December 8, 2015
Books make great gifts because they A. are rarely expensive, B. educate, C. provide great conversational content to fill the void between you and your slightly introverted bookworm cousins. For today’s Greener Giving post we are featuring some best sellers, some oldies-but-goodies, and the books that can get anyone outdoors. Check out the best in environmental literature, from Henry David Thoreau to Bill Nye.
I recently read The Best American Science and Nature Writing and really enjoyed it. The stories span genres and subjects from adventure to drama to medicine, and each is stimulating in a unique way. I learned about solar lighting illuminating rural India, about the deepest spelunking expeditions in human history and more about crows than I thought I’d ever be interested in (crows are actually really cool).
Any aspiring botanist, artist seeking inspiration or coffee table-owner will be able to appreciate the American Horticultural Society Encyclopedia of Plants and Flowers. With 8,000 plants to research or to simply browse through, they will end up with a better understanding of trees, bulbs, cacti and perennials, and hopefully a greater appreciation for the complexity and beauty of the outdoors.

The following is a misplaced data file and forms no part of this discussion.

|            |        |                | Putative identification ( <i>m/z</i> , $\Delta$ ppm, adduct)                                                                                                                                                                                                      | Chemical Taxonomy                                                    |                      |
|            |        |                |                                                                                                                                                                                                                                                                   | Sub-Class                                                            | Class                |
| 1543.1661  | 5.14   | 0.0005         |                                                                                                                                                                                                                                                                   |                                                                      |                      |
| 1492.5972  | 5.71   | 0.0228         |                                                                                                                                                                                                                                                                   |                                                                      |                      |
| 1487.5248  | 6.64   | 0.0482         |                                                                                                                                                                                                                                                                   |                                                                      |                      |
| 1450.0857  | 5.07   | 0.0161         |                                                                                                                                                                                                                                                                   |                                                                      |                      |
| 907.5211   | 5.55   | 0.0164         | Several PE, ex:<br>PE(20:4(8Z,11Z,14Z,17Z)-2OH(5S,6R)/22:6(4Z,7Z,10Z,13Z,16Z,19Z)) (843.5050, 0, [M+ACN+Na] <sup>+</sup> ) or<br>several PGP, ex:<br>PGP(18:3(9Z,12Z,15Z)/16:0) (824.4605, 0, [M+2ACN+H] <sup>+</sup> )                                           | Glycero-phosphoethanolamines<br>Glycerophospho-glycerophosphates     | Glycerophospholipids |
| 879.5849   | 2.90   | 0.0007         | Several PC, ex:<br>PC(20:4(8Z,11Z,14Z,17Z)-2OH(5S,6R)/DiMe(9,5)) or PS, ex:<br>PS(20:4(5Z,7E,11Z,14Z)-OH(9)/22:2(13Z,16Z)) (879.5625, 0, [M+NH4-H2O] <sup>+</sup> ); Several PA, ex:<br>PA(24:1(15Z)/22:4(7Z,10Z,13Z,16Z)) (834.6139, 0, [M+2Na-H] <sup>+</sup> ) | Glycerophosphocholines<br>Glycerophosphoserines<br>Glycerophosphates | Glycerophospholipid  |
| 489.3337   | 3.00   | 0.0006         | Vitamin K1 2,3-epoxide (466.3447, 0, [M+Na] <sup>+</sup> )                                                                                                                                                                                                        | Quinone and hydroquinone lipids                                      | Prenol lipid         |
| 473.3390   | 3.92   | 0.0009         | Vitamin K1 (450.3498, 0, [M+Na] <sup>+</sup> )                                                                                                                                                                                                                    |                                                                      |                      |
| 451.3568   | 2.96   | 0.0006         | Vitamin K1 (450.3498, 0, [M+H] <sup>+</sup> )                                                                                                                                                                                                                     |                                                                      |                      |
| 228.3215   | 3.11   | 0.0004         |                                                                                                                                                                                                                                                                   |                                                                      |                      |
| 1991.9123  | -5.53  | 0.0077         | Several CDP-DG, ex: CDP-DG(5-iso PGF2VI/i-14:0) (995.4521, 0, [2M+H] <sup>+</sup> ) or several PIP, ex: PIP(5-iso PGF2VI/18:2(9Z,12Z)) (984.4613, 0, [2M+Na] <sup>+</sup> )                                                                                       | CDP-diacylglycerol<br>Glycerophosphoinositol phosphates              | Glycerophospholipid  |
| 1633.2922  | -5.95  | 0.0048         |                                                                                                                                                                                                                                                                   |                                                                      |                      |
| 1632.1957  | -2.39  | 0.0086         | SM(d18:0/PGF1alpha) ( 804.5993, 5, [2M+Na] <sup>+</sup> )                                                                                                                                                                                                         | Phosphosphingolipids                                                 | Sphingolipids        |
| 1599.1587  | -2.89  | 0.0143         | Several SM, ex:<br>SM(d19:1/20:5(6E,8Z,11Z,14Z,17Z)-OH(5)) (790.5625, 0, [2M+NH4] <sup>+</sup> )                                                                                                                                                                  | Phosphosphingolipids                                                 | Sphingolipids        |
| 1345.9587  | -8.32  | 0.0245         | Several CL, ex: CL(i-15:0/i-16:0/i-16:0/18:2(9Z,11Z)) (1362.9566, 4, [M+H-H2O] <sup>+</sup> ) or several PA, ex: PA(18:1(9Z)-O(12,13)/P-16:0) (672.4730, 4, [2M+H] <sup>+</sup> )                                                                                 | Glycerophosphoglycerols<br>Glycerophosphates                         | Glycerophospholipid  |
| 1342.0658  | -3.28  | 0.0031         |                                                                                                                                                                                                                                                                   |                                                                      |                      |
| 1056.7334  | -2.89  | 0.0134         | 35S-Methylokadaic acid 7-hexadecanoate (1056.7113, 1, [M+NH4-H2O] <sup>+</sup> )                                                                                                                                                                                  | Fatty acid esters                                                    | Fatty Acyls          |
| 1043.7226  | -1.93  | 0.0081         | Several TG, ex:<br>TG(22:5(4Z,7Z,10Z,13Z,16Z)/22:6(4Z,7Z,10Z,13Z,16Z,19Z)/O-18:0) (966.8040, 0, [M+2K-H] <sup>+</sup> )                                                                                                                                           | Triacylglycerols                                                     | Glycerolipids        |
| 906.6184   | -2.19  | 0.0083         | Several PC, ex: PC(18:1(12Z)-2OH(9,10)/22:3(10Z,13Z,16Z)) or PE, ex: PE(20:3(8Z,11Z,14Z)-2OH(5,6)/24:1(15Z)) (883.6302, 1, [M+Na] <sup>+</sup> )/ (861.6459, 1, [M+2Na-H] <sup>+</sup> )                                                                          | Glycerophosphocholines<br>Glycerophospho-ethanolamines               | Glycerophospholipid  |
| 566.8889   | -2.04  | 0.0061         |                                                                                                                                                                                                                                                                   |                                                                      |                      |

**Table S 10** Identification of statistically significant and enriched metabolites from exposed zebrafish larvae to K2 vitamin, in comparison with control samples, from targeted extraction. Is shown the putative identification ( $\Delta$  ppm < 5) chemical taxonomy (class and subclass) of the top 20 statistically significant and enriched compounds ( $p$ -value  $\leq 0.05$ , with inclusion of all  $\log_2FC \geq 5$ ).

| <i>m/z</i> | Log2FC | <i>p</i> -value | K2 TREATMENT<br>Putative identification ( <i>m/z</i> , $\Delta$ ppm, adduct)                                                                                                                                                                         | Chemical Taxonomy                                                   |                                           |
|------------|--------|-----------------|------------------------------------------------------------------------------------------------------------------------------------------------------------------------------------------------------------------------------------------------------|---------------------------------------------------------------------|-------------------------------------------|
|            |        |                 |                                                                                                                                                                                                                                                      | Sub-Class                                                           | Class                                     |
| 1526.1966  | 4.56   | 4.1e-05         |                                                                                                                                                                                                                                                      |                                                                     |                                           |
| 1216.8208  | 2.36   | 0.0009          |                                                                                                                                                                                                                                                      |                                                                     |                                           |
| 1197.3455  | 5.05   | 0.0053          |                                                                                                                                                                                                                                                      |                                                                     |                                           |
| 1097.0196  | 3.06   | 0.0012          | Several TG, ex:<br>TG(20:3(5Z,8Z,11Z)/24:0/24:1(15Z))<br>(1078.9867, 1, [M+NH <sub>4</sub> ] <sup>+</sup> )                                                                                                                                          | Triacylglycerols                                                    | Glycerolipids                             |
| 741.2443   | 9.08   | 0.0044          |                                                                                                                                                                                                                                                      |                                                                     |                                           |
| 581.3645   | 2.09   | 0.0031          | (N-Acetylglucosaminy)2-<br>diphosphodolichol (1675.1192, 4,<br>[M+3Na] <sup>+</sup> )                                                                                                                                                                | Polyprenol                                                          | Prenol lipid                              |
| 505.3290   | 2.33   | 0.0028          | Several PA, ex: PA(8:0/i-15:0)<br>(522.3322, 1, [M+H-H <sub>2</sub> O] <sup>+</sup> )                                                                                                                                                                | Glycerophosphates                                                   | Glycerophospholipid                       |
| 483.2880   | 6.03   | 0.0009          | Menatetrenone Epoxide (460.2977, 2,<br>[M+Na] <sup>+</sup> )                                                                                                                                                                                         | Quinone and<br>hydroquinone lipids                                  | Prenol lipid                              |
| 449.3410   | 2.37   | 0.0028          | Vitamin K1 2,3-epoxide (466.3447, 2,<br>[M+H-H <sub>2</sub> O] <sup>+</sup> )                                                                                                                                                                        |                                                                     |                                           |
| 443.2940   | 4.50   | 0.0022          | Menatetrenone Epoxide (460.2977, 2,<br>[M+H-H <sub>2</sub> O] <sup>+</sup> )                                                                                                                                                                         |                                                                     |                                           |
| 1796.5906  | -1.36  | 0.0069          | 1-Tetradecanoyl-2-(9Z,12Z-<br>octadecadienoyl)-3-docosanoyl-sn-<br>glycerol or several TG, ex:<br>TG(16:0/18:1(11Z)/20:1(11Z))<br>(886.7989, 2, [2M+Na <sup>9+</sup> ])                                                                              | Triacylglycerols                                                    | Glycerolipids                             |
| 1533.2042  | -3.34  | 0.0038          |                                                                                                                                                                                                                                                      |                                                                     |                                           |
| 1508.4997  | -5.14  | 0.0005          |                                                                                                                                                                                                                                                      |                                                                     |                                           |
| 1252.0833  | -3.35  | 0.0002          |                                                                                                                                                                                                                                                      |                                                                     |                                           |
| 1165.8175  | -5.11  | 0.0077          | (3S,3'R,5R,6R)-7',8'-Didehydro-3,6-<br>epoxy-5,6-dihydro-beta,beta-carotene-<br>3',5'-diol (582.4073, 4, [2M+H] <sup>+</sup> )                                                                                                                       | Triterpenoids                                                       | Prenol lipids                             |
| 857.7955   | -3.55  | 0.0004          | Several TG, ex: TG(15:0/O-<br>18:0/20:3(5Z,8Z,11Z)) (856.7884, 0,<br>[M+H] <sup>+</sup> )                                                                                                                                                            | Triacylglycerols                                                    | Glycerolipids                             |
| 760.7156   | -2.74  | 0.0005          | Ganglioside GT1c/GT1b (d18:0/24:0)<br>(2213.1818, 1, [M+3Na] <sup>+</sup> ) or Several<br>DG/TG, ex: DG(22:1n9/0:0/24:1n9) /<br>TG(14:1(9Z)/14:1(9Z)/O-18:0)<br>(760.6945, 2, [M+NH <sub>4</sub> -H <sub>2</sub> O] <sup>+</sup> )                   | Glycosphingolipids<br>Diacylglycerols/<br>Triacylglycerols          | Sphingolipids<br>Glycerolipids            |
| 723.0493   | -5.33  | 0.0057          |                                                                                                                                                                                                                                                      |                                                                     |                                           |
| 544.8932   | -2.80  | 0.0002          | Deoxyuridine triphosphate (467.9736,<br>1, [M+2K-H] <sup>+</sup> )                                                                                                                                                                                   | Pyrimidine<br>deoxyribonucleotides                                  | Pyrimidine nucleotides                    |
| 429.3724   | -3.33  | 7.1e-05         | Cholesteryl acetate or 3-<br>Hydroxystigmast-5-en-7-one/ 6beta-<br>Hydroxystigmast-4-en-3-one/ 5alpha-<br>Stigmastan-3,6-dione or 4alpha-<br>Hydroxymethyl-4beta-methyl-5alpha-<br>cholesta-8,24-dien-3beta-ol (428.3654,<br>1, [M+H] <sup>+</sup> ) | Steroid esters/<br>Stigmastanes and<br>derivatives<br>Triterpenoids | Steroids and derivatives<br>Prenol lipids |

Walden is a classic that everyone should read at some point. It can be slow, maybe a bit dense for casual reading, but the introspection, the anti-modern approach to nature and the artful descriptions make it worth checking out for anyone who wants to rethink their relationship with the urban environment and technology.
For anyone who fears the zombie apocalypse or tends to under-pack for their outdoors adventures, this book is perfect. A Field Guide to Edible Wild Plants will help you differentiate poisonous from palatable with photos, drawings and habitat descriptions. This is also great for the backpacker who wants to spice up their diet without adding weight to their pack.
Bill Nye has seemingly always been there to make physics fun and chemistry comprehensible. In Undeniable: Evolution and the Science of Creation, Nye provides the logical arguments for evolution in simple terms with his familiar charm and obvious fondness for nature. This makes a great gift for a friend or a family member who likes to argue against or for creationism (we are not liable for their reaction, if you choose the latter).
Environmental literature provides a wonderful exit from the computer screen, whether it’s in the philosophy of Thoreau or beautiful pictures of flowers. Provoke thought and encourage passion for nature with a book, and be rewarded with smarter friends and more hiking partners.
Photo Credit: Flickr/Dana, Houghton Mifflin Harcourt, Dorling Kindersley